Hello, everyone! Sorry for the month long delay between posts. If you couldn’t guess, it’s because my spring semester has been as chaotic as Donald Trump’s presidency and I’ve only just found my footing. Last Friday I saw Rings, the third installment in the American adaptation of the Japanese Ringu. A completely mediocre movie through and through, Rings adds nothing to the franchise but derivative storytelling, lousy acting, and a serving of warmed-over creepiness. By updating the premise for the digital age, the film draws attention to its own fading relevance.
Hello, everyone! Let me start this post by saying I have a bone to pick with critics. Why can’t everyone like what I like? But seriously, sometimes I watch a movie, mostly in the horror genre, and I’m bewildered by the critical reviews. They watch It Follows and say it’s one of the best horror movies of the decade, I say it’s a pretty yawnfest. They watch The Visit and praise the film for its “satisfying blend of thrills and laughs” (Rotten Tomatoes) and I collapse to the ground, decrying a world that deems a lukewarm found footage movie with a stupid twist to be acceptable, or even worse, scary. What confuses me the most, however, is the reaction from critics to a movie like Don’t Breathe. How can a group who can find the sudden appearance of a tall man terrifying somehow stomach a movie as disturbing and morally ambiguous as this one? Spoilers Ahead (you’ve been warned!)
Hello, everyone! Today I finally get around to writing a review about I Am The Pretty Thing That Lives in the House, a movie that is more or less a painting stretched out into 87 tedious minutes. With a title that unique and descriptive, I was expecting something a bit more interesting than the minimalist set of tableaux that director Oz Perkins believes makes a movie. Yes, Oz Perkins, as in the son of Anthony Perkins, the iconic actor who played Norman Bates in Psycho. The only thing that IATPTTLITH (even the acronym is too long!) has in common with the genius of Psycho is that they are both technically horror movies. I guess in this day and age with an orange buffoon as president-elect, anything can be anything.
Hello, everyone! It’s been almost a month since I’ve posted on this blog, but do not despair, for I’ve returned. Today I watched a uniquely chilly film called We Are What We Are, directed by Jim Mickle, who also directed Cold in July and Stakeland. We Are What We Are is a family psychological drama with horror elements that has the aesthetics of a refined backwoods western and the suspense of a thrilling mystery. A movie influenced by too many genres can turn out muddled, but Mickle’s clear, cold direction keeps the film focused and compelling from start to finish.
Hello, everyone! My last review of Creep was fairly negative, so I promised to write a positive review to balance that out. The first horror movie I watched last week was a chilly little horror called Last Shift, directed by Anthony DiBlasi, who has directed a bunch of other horror movies and was the executive producer for Midnight Meat Train, which I haven’t seen but heard was a great film. The film is small and contained in atmosphere, but nonetheless quite ambitious. It’s the type of movie that scared me in such a way that I would track my cursor across the progression bar at the bottom of the screen to see the next image before it played, just so I could prepare myself.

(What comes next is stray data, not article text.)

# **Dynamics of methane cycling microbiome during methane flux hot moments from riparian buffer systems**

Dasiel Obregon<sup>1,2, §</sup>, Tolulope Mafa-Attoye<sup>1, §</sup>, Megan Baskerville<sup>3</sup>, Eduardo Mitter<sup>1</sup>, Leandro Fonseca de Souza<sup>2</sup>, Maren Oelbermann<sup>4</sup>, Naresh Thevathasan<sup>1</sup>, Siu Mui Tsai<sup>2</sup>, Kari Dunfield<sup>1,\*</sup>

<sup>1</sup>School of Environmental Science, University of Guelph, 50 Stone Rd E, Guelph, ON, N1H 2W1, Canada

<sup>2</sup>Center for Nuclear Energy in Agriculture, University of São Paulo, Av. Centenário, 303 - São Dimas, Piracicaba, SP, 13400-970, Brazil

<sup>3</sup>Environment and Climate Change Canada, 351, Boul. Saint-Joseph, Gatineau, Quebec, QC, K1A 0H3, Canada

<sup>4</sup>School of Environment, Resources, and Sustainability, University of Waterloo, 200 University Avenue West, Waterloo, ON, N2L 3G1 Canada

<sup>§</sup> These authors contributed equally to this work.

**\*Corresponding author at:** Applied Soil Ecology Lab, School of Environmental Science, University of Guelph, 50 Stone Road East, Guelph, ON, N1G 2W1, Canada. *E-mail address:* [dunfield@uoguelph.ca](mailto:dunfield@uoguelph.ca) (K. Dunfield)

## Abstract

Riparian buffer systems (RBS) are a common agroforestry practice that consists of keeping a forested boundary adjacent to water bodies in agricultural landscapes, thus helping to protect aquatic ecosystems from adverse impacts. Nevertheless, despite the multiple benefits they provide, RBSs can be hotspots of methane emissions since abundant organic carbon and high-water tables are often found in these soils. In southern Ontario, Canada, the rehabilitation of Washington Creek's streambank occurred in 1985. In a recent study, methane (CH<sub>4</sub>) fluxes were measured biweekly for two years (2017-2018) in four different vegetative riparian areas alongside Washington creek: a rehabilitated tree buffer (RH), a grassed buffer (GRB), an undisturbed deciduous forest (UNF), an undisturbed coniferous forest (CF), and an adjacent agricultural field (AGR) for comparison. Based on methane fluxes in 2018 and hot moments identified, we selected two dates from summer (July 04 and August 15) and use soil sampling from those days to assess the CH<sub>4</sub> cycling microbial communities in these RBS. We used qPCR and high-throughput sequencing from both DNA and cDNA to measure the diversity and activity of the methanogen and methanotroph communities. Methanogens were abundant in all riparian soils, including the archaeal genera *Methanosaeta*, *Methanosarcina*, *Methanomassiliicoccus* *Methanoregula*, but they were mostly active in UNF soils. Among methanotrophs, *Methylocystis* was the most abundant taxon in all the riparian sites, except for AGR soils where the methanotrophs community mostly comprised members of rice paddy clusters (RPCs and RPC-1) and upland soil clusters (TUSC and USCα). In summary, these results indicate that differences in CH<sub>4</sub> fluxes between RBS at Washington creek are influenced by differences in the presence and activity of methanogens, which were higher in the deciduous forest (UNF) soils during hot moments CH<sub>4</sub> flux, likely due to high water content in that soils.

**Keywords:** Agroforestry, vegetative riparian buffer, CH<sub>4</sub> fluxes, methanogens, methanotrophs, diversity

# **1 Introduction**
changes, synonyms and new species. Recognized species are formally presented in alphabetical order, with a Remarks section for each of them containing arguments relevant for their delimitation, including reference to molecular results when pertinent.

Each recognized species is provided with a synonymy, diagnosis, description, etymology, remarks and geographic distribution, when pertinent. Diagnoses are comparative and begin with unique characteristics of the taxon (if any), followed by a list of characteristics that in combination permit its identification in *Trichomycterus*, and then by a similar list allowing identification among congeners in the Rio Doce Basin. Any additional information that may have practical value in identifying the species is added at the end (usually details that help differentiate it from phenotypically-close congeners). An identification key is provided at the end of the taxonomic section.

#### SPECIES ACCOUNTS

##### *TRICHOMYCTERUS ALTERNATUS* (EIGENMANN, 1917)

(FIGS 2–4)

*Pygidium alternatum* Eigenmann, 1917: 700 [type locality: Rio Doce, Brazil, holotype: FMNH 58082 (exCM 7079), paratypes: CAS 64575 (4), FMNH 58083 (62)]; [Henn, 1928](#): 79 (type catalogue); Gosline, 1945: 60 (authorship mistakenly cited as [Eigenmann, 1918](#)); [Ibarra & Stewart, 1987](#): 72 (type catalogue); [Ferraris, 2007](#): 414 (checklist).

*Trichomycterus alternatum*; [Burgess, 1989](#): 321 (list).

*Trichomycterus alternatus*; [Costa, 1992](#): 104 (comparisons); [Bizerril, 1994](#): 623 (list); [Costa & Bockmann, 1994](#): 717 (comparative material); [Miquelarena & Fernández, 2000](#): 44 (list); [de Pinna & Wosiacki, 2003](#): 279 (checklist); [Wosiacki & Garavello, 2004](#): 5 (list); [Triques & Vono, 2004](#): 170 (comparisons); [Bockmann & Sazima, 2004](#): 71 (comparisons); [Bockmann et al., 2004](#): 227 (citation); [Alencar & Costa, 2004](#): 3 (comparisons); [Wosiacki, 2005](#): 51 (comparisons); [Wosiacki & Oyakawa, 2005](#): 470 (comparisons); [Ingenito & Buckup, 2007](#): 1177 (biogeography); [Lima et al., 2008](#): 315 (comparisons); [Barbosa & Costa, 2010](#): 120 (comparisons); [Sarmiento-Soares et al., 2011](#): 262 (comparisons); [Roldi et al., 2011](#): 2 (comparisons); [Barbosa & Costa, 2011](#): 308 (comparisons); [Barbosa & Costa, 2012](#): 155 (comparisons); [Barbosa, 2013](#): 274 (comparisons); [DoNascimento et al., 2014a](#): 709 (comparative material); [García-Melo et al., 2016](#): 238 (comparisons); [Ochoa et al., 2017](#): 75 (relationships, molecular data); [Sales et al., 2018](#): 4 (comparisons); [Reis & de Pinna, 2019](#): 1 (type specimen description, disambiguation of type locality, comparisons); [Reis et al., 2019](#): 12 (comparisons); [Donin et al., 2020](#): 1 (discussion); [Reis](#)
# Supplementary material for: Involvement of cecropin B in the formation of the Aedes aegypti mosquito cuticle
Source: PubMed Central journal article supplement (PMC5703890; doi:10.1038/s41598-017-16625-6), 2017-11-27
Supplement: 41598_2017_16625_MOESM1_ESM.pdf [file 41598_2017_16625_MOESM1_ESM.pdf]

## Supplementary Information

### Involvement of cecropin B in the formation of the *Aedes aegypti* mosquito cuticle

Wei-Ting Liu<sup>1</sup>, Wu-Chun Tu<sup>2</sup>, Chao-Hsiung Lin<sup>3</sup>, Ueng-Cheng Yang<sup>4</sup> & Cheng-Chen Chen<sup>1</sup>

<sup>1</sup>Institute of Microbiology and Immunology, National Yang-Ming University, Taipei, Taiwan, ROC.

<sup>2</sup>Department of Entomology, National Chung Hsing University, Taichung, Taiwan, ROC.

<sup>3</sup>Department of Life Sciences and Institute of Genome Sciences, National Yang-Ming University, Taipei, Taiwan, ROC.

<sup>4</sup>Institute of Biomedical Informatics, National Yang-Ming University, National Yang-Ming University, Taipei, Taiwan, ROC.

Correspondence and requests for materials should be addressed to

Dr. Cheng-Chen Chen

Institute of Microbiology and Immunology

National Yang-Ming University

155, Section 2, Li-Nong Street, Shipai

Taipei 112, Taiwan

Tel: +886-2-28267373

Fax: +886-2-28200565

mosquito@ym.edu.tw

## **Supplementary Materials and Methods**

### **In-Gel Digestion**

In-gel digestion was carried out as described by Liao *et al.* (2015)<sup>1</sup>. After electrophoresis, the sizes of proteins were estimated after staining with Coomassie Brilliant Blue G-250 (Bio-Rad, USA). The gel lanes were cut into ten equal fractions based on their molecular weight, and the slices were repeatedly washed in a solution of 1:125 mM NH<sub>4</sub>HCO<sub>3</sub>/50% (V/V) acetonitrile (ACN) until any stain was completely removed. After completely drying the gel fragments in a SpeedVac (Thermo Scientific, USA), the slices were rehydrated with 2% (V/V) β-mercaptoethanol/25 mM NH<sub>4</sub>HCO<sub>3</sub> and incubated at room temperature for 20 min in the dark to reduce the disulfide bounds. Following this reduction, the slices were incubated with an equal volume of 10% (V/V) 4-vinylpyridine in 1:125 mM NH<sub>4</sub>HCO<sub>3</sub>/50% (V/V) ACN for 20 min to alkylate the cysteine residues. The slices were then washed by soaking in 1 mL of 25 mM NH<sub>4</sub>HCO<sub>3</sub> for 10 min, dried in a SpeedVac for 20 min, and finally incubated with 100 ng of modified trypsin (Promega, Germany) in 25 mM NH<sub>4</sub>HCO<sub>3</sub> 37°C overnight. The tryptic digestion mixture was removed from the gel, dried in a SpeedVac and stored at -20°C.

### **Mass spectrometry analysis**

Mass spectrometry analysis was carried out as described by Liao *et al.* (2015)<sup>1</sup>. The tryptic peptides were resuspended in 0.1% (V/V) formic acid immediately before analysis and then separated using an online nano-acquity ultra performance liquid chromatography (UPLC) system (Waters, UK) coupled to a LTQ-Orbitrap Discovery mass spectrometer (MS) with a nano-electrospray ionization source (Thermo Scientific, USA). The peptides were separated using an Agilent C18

Hello, everyone! I watched two horror movies this week, one that was surprisingly awesome, and one that was not-surprisingly un-awesome. Since I watched the un-awesome one tonight, I’ll review that one first. Here’s the lesson I learned from watching Creep: if you think Mark Duplass would make a bad horror movie, trust your gut. Don’t listen to Reddit. Even they have bad taste.
Hello, everyone! I watched the much anticipated Lights Out movie a few days ago and honestly loved it. As a dedicated fan of horror, it satisfied my need for a good, scary story and subverted some tired stereotypes. There are some cheesy factors that whiff of other movies, which I will get into later, but I’m a firm believer that a little bit of silly pseudoscience can propel the plot of a horror movie in ways that serious, scientific reality can’t.
Hello, everyone! Yesterday I re-watched The Orphanage for the fifth time. It’s taken me several viewings to understand the nuances of the plot and the significance of the movie’s symbolism, but I think that this time, I get it. The movie doesn’t scare me anymore (few horror movies do after the fifth re-watch) but that doesn’t mean I forget how much it terrified me the first time I watched it, before I really got to understand it. Bear in mind that The Orphanage is a horror movie, but it’s so much more than that. It is also a story about loss, tragedy, and family. It’s like The Godfather of horror movies!
Hello, everyone! I’ve been trawling Netflix recently, looking, as usual, for a good horror movie, and I’ve finally found one. It’s called Hush, a film by Mike Flanagan, who also directed the horror movies Oculus (which I liked) and Absentia (which I didn’t). I’ve watched Hush twice so far, and I find it to be a refreshing take on the home invasion thriller. Here’s the trailer:
Hello, everyone! I watched The Conjuring 2 last weekend. My immediate impression is that James Wan fired his old set designer and finally got someone to clean up all the dust from the first movie. Compared to the the first Conjuring, this film was glossier and more compelling, but it was overall a tamer film. The majority of the scares were of the jumping variety, but there were a few standouts, which I’ll cover in more detail below. But was there a witch who lurks on top of wardrobes? No, no there was not.